Optimization involves minimizing or maximizing an objective function; in most optimization problems, the objective function could be an economic return or term based on some parameters of the system, minimizing a cost function or maximizing a profit function; Optimizing the efficiency of the system by minimizing or max- imizing parameters that indicates performance of the system viz: minimize specific energy consumption [1] , op- timize maximum energy output [2] , minimum catalyst volume obtained to satisfy the production capacity at specified operating conditions [3] , maximum mass flow rate of production using a generic algorithm at optimal conditions of inlet temperature, total feed flow rate and operating pressure [4] , optimize reactor performance by varying its quench flows: Temperature and flow rate [5] , obtain optimum reactor length [6] [7] that gives the max- imum profit with objective function being: a function of the process parameters (heating value of product and feed gas) and reactor capital cost [8] .

The ammonia synthesis converter is a major component of the ammonia synthesis loop. Steady state one di- mensional pseudo-homogeneous models of an axial flow four catalyst bed ammonia synthesis converter were successfully developed by Akpa and Raphael [9] . The industrial plant data of Notore Chemical Industries Li- mited, located in Onne, Rivers State, Nigeria was used to run the developed simulation program (converter si- mulator) [9] . The developed model predicted a fractional conversion of 19.49% against the industrial plant out- put of 18.19%. This low output has necessitated the need for the optimization of the converter aimed at im- provement in the converter performance by investigating new operational conditions/parameters that will result in improved higher conversion of the reactants to product.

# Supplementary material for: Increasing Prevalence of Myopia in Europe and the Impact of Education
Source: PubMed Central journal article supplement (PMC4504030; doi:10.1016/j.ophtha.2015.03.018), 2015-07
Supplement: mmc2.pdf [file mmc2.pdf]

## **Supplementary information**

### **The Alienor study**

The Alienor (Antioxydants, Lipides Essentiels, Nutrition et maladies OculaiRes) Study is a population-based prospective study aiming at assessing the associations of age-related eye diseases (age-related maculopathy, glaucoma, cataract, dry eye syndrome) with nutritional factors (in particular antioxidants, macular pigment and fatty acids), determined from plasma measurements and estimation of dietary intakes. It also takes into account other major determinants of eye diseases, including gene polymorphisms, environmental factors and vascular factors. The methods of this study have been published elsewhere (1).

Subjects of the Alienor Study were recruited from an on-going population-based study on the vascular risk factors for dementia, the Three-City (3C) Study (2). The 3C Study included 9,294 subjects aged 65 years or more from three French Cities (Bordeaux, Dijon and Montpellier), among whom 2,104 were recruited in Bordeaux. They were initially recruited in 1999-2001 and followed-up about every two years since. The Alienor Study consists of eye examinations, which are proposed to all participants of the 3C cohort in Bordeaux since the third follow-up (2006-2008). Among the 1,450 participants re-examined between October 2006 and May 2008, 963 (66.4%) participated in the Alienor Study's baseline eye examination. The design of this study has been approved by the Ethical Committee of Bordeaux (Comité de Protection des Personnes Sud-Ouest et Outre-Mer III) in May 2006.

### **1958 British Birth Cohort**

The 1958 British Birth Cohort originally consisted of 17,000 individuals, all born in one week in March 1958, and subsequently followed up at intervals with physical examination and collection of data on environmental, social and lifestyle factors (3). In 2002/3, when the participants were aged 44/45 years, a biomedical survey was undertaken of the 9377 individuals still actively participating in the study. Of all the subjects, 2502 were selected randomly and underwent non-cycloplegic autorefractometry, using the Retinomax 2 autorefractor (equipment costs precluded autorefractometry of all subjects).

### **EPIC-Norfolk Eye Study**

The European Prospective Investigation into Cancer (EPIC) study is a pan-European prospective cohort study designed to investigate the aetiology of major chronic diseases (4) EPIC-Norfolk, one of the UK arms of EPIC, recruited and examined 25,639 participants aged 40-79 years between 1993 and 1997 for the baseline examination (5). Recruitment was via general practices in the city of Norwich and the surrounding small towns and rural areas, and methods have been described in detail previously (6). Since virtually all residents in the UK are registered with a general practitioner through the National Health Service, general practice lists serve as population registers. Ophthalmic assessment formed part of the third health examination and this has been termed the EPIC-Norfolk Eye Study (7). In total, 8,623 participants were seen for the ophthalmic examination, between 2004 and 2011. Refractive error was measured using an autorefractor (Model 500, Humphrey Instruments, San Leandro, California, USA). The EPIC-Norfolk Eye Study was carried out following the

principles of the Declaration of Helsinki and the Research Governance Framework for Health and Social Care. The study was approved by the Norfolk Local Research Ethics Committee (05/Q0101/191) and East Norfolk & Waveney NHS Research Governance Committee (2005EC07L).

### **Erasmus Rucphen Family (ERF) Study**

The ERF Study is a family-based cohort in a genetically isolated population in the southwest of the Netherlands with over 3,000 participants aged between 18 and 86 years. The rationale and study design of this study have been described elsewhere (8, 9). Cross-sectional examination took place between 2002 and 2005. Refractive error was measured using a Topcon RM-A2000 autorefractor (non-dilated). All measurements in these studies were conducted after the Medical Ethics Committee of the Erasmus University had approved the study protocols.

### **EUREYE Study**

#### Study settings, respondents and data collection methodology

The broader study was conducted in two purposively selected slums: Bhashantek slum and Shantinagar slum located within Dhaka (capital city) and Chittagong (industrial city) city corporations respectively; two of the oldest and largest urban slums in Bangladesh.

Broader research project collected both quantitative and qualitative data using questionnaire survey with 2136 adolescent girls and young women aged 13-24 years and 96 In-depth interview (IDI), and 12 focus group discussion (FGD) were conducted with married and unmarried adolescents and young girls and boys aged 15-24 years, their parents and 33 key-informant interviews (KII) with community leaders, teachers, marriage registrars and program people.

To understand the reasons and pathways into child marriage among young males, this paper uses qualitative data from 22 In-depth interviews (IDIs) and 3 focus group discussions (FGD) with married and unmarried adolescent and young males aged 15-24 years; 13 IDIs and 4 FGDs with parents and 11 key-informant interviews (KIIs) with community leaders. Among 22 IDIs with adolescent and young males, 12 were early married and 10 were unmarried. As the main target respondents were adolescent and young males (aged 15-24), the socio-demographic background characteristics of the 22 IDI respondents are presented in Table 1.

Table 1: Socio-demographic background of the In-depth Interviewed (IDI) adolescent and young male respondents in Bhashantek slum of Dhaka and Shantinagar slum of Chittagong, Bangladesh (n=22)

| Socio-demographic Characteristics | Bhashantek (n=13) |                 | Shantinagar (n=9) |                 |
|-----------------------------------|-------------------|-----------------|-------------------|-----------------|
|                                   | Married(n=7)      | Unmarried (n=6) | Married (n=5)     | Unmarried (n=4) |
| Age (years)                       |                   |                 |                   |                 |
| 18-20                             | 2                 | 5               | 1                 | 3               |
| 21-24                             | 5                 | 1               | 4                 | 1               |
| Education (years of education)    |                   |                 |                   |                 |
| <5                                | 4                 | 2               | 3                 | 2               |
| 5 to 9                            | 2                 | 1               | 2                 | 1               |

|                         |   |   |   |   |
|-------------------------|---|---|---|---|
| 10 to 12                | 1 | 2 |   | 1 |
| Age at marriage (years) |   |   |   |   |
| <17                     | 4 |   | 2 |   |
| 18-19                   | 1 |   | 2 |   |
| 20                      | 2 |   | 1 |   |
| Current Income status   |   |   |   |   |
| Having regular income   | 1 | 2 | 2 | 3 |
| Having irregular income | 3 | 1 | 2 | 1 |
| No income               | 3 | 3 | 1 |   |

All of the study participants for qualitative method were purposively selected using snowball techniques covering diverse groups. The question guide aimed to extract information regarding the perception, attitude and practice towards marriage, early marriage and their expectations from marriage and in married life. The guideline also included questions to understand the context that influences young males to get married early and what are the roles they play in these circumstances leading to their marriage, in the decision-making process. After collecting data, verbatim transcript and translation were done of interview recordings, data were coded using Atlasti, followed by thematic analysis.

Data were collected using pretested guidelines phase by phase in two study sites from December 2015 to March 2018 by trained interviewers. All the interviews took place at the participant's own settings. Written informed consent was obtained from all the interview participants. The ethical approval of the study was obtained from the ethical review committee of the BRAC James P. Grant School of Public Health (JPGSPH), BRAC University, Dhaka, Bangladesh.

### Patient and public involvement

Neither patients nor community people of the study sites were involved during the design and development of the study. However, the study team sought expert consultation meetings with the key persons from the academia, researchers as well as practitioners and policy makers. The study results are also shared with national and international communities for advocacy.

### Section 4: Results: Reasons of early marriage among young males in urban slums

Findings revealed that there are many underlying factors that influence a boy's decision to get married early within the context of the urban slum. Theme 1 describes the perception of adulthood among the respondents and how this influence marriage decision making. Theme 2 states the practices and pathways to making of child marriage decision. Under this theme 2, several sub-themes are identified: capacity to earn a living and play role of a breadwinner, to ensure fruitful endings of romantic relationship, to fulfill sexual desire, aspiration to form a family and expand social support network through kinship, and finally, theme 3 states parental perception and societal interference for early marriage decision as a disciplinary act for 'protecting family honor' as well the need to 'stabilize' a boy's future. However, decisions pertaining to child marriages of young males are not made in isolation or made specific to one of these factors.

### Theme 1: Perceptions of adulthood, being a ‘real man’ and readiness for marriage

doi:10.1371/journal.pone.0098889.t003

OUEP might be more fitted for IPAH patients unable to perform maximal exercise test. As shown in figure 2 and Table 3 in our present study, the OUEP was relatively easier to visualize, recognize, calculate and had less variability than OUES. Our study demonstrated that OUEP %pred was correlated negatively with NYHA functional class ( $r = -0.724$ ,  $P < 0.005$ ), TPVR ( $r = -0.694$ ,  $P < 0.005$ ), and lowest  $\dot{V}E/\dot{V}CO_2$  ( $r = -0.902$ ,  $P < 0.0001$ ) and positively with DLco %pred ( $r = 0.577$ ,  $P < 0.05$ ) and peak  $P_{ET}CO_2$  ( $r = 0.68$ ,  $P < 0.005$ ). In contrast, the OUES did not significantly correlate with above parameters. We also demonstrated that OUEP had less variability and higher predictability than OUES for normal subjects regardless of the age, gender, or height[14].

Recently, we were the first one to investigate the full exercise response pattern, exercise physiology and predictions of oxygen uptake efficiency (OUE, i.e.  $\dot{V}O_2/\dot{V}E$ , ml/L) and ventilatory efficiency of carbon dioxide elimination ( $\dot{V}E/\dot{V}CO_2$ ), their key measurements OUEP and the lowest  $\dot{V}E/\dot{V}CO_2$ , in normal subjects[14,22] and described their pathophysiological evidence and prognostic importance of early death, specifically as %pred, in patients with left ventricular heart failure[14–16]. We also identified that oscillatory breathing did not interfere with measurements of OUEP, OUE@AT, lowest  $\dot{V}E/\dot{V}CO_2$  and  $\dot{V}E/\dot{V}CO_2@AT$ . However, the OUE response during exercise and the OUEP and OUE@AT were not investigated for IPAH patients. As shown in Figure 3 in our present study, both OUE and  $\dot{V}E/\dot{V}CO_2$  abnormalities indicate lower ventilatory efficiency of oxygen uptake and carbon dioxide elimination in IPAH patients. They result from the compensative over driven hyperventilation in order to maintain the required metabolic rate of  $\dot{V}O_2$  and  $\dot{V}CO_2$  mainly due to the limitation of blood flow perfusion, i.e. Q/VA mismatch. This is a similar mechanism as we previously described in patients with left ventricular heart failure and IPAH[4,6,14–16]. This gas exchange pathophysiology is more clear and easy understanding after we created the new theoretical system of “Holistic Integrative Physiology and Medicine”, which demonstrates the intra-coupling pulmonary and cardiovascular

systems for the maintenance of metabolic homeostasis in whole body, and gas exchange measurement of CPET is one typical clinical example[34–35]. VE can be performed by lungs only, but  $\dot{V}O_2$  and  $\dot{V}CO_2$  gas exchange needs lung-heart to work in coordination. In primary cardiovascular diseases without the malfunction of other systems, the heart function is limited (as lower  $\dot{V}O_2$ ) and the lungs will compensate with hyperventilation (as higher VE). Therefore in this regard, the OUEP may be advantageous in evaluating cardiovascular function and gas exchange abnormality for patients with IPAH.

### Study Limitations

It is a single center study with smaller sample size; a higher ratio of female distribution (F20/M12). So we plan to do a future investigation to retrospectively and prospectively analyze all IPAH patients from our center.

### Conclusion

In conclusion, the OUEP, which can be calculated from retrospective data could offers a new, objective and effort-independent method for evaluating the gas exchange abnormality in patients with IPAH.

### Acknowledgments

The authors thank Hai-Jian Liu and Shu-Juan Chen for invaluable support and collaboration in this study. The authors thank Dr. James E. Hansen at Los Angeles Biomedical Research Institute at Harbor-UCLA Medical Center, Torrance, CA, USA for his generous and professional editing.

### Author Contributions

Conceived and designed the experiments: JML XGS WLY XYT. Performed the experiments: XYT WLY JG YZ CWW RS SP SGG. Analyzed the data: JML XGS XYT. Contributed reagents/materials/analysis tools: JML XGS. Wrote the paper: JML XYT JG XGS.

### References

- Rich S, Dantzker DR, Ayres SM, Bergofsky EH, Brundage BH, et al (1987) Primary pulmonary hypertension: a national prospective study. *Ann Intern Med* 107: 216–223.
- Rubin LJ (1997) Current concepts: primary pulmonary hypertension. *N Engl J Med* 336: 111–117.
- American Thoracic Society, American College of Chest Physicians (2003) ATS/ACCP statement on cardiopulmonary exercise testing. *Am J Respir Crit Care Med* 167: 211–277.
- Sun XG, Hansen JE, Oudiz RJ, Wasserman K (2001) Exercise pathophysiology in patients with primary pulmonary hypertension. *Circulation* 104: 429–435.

In this work, a parameter that indicates directly the efficiency of the converter—the fractional conversion of the reactants to products is optimized. The model equation that predicts the fractional conversion of reactants to products is used as the objective function to be maximized.

2. Methodology

In an earlier work by Akpa and Rapheal [9] , models that accurately predicted the performance (concentration of reactants and products, fractional conversion and Temperature progression along the catalyst beds) of the con- verter were developed. In the simulation study performed on the converter, effects of process parameters (feed flow rate, inlet temperature and pressure) on the converter performance were investigated. The inlet tempera- tures of each catalyst bed were observed to be very sensitive to the performance of the converter. The outlet temperature of a previous bed obtained from model equation was quenched to correspond to the industrial value of the inlet temperature of the next bed.

However in this optimization; an optimum inlet temperature of each bed which will result in the highest frac- tional conversion, lowest reactant concentration and highest product concentration was determined.